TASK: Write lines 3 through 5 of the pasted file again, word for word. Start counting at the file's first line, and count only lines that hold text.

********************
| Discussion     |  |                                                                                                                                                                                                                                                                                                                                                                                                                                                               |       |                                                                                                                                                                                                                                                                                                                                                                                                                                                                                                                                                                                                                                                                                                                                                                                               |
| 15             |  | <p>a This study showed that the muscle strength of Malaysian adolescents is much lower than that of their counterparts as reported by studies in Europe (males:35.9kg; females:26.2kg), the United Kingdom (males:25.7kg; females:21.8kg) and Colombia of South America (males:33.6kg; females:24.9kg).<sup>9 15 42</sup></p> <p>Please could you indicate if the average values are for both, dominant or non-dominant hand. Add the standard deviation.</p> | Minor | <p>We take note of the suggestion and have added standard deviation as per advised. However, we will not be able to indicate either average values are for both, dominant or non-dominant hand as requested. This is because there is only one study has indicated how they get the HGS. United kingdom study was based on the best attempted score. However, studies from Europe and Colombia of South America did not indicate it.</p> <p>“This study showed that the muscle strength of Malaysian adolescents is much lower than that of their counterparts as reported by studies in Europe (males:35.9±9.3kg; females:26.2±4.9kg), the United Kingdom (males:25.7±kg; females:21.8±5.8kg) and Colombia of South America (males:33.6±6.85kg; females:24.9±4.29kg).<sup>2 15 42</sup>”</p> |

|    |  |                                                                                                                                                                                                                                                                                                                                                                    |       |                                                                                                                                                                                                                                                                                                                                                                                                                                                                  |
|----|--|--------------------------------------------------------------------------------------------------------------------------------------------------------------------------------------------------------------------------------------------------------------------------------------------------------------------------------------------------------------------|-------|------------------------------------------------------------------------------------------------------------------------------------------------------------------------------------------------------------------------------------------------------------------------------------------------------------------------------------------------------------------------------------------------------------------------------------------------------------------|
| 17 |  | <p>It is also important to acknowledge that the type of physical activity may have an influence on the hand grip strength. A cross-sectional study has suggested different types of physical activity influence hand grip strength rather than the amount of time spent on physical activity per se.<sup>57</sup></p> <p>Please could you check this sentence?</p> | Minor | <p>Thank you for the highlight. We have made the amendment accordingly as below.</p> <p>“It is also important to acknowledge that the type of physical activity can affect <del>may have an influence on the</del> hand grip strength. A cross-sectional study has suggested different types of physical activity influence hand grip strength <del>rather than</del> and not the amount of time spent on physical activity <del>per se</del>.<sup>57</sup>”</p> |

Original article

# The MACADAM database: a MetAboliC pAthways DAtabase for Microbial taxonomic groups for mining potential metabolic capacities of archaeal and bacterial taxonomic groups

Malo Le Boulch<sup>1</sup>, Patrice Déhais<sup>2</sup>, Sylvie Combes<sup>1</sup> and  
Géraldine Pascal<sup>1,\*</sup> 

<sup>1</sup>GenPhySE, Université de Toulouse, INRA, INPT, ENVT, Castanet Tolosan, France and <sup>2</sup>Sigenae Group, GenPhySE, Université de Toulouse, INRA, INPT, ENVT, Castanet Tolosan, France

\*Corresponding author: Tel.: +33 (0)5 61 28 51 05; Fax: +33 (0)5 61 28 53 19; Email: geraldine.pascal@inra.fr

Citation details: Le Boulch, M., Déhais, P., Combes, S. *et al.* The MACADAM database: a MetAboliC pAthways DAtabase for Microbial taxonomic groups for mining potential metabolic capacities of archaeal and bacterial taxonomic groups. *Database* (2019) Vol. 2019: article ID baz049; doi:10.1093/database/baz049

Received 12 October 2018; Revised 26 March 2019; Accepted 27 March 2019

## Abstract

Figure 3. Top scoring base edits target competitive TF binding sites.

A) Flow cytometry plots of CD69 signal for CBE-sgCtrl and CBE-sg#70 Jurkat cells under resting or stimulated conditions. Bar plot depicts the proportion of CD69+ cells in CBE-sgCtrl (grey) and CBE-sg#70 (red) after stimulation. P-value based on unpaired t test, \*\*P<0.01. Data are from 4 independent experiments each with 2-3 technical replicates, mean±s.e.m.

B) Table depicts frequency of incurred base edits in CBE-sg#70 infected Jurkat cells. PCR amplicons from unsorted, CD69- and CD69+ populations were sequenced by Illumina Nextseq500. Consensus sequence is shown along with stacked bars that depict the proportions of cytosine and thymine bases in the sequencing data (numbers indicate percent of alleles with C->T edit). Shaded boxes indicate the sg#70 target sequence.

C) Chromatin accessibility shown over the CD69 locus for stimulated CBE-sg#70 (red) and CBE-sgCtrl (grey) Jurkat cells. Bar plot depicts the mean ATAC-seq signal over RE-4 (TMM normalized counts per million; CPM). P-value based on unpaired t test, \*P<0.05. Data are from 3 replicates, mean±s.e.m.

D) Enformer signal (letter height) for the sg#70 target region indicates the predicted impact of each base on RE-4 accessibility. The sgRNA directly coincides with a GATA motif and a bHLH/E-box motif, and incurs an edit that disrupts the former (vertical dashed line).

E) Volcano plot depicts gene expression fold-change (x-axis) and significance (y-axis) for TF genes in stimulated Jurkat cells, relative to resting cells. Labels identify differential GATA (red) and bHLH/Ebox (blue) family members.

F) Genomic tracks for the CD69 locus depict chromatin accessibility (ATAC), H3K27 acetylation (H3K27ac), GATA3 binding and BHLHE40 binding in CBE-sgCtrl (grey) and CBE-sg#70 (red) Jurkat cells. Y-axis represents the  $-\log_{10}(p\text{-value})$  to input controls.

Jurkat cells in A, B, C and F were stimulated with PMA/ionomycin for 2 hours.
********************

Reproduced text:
|    |  |                                                                                                                                                                                                                                                                                                                                                                    |       |                                                                                                                                                                                                                                                                                                                                                                                                                                                                  |
|----|--|--------------------------------------------------------------------------------------------------------------------------------------------------------------------------------------------------------------------------------------------------------------------------------------------------------------------------------------------------------------------|-------|------------------------------------------------------------------------------------------------------------------------------------------------------------------------------------------------------------------------------------------------------------------------------------------------------------------------------------------------------------------------------------------------------------------------------------------------------------------|
| 17 |  | <p>It is also important to acknowledge that the type of physical activity may have an influence on the hand grip strength. A cross-sectional study has suggested different types of physical activity influence hand grip strength rather than the amount of time spent on physical activity per se.<sup>57</sup></p> <p>Please could you check this sentence?</p> | Minor | <p>Thank you for the highlight. We have made the amendment accordingly as below.</p> <p>“It is also important to acknowledge that the type of physical activity can affect <del>may have an influence on the</del> hand grip strength. A cross-sectional study has suggested different types of physical activity influence hand grip strength <del>rather than</del> and not the amount of time spent on physical activity <del>per se</del>.<sup>57</sup>”</p> |